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'Godzilla 2000' kind of has the same plot as Jordan Peele's 'Nope.' Kind of.

Both Jordan Peele's latest and a mediocre Godzilla movie have a living UFO at their center.

By James Grebey
GODZILLA 2000 (1999); NOPE (2022)

Is Nope a kaiju movie? You could make the case that it is. While at first blush it has the premise and aesthetics of an alien invasion movie, the eventual twist reveals that it’s more of a monster giant movie. Still, it doesn’t feel quite right to classify Nope as a kaiju movie. Luckily, there is a movie — one unquestionably of the kaiju genre — that kind of has the same plot as Nope: Godzilla 2000.

Nope, now streaming on Peacock, is the third film from Get Out and Us director Jordan Peele. What initially seems to be a stylish take on a classic UFO story becomes something much stranger. The Unidentified Flying Object that’s lurking around the ranch owned by OJ and Em Haywood (​​Daniel Kaluuya and Keke Palmer, respectively) is actually an Unidentified Flying Organism. There are no little green men inside — the saucer, later named Jean Jacket by OJ — is one living creature that has been sucking up and digesting horses and people.

Unlike Nope, Godzilla 2000 (which came out in 1999) is not a “good” movie, though it has its charms. The film was the first Godzilla movie that the Japanese studio behind the King of the Monsters, Toho, made after 1998’s infamous American Godzilla movie. It’s a return to form, in that Godzilla is once more a man in a suit rather than a dodgy CGI Jurassic Park rip-off, but it’s not a high point of the Godzilla franchise. It does, however, offer up an intriguing foe for Godzilla to do battle with: a living UFO. 

RELATED: 7 things we learned from the 'Nope' documentary

In the movie, scientists discover a 60-million-year-old UFO at the bottom of the Japan Trench. It’s massive and covered with eons of rock, making it look like a giant oblong boulder. Shortly after its discovered, it activates, flying into the sky and eventually fighting with Godzilla. The UFO, which dwarfs even Godzilla in size, blasts Godzilla with a laser from the one opening in its surface, driving the monster away and then landing to get a solar recharge. During the fight, some of the rock encasing the UFO is damaged, revealing a slick silver surface. 

When the UFO awakens again, it takes off and lands on top of Tokyo Opera City Tower where it emits a series of tentacles that go into the building as it starts downloading all the information it can find about Godzilla and his regenerative properties from the computers inside. The humans learn that the UFO was once an alien species they dub Millennians, and then when their spaceship crashed they were forced to convert the bodies to antimatter (as one does) to survive while dormant for tens of millions of years. When Godzilla attacks again, the UFO manages to get some of his DNA and reforms itself into a large squid-like kaiju — no longer a UFO but a single alien entity. (The tentacles and color scheme of this phase of the Millennian are, by what has to be coincidence, somewhat reminiscent of Jean Jacket’s final form in Nope.)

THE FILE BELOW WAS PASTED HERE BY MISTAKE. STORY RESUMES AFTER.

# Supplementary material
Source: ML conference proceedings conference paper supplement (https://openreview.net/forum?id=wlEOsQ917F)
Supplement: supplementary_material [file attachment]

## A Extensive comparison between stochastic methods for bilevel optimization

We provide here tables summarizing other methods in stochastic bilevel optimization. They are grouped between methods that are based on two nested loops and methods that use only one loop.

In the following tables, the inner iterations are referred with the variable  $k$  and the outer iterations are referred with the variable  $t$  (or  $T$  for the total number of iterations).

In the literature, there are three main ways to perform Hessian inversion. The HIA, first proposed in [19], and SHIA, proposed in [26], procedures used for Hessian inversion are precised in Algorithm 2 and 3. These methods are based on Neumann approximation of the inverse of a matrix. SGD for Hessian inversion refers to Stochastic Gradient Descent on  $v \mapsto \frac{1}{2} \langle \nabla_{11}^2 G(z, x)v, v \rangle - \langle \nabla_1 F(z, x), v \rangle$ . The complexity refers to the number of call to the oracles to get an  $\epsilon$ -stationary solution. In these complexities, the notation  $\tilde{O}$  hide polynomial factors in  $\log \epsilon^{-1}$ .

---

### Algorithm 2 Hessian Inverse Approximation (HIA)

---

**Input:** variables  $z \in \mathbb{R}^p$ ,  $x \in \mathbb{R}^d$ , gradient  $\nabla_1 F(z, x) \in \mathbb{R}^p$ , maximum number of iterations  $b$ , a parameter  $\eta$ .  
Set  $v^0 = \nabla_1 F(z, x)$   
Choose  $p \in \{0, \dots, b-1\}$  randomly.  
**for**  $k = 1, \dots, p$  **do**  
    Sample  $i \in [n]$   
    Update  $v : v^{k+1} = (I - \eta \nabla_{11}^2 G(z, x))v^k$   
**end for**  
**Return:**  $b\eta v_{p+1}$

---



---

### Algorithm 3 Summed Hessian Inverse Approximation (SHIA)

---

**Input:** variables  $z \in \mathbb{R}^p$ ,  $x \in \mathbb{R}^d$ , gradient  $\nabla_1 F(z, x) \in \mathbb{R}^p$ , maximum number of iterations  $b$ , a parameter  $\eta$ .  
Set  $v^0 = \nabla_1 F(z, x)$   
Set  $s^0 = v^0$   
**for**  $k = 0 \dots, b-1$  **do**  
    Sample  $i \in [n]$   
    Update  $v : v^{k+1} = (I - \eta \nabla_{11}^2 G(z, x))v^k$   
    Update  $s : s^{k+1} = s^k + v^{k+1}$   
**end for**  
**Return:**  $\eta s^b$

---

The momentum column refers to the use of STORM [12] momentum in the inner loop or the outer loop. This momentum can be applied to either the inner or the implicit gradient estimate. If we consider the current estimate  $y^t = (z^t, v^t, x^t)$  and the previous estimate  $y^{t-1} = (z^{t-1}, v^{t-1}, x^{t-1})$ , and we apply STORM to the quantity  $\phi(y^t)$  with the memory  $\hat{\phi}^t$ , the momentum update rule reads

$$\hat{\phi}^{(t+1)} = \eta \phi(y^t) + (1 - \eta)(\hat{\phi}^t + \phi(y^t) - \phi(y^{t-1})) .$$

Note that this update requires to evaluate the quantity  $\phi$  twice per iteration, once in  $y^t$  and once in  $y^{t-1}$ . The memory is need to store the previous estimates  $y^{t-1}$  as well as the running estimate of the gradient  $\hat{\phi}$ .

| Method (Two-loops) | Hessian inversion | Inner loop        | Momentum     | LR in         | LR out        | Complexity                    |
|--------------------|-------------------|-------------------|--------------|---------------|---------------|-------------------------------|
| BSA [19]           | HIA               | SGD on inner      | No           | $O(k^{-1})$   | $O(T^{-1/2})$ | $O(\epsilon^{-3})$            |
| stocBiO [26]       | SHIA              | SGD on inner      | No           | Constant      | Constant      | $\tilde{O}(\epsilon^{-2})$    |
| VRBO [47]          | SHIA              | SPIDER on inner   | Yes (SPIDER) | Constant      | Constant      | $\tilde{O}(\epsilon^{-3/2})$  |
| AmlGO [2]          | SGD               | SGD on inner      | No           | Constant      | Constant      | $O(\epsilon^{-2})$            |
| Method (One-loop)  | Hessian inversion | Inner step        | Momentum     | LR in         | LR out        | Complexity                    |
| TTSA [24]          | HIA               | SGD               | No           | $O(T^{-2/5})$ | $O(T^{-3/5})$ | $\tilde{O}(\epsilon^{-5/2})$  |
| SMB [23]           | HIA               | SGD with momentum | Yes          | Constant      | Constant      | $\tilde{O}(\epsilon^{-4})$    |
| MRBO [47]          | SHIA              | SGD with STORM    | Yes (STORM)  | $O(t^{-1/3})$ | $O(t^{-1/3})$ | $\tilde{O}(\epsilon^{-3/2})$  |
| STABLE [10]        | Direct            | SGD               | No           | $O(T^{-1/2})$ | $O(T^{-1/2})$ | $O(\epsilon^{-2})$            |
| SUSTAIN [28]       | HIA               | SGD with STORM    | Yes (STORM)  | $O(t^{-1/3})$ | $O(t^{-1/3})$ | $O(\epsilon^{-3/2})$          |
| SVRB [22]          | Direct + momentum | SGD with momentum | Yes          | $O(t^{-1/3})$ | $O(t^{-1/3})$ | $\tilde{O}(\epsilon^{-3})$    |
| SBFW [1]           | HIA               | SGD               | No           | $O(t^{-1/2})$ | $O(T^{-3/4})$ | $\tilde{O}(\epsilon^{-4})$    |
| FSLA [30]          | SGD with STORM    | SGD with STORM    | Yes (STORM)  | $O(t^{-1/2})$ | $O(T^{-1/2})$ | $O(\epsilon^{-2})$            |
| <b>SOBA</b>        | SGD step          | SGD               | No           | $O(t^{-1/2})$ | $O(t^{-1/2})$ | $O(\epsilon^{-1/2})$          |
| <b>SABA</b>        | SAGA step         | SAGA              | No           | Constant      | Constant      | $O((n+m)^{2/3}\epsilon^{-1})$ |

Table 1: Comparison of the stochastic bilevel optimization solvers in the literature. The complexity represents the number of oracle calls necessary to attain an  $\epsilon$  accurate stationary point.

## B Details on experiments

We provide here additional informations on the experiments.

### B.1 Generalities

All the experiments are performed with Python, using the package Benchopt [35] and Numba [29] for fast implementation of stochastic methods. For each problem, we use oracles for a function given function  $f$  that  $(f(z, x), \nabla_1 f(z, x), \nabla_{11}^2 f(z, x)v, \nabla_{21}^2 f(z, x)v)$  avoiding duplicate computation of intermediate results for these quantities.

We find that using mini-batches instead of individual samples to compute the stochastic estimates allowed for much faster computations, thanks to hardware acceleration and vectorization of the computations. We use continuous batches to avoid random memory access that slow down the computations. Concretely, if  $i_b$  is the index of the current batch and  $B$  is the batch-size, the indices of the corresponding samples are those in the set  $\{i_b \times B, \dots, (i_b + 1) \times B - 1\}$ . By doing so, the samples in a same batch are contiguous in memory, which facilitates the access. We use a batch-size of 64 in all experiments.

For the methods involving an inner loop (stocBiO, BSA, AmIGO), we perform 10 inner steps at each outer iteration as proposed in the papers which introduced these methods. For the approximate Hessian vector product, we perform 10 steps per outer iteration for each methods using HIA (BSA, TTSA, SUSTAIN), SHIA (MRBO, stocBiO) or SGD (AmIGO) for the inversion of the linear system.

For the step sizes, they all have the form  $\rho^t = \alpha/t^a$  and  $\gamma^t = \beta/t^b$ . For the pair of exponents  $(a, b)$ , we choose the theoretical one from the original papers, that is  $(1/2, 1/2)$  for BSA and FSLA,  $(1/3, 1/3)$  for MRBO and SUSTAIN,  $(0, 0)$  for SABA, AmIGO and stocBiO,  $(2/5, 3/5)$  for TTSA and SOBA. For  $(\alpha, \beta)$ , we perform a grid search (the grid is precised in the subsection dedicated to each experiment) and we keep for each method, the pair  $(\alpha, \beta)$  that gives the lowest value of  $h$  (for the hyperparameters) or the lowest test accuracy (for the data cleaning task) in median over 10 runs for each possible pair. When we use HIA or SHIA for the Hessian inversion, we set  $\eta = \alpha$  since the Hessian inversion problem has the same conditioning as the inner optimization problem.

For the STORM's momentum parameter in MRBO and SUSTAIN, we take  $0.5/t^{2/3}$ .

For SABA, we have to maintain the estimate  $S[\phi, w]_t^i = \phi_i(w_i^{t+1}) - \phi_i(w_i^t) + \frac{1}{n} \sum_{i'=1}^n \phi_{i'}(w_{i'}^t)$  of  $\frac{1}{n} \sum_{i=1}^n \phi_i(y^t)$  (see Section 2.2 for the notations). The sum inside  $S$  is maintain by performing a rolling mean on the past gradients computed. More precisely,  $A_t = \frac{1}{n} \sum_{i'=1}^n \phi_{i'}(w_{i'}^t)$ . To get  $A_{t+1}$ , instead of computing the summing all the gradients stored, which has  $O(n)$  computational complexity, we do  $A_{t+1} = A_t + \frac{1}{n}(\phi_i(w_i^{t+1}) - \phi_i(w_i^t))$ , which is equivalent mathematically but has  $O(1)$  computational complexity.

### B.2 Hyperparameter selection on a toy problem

This phase is fairly short-lived, as the Millennian gets more of Godzilla’s DNA and transforms into a hulking, warped version of Godzilla, a bulky kaiju whose hunchback is the only reminder of the slick oblong UFO it once was. This version of what was once a UFO — now called “Orga” — attempts to attack and eventually eat Godzilla so that it can complete its transformation. While half-swallowed, Godzilla lets out a nuclear pulse that obliterates Orga, saving the day. Just as in Nope, the sentient UFO attempts to eat something that causes it to explode — another parallel.

The connections between Nope and Godzilla 2000 are, admittedly, a stretch. I cannot imagine that Peele was inspired by Godzilla 2000, or that any of the events of Nope are homages to the Millennian. And yet, it’s kind of interesting that two separate movies subverted audience expectations of what a UFO is — not a vehicle, but a character. Nope isn’t really a kaiju movie, not really, but it is a monster movie. Of course the King of the Monsters has trod similar ground before. 

Nope is now streaming on Peacock. Godzilla 2000 is available as VOD.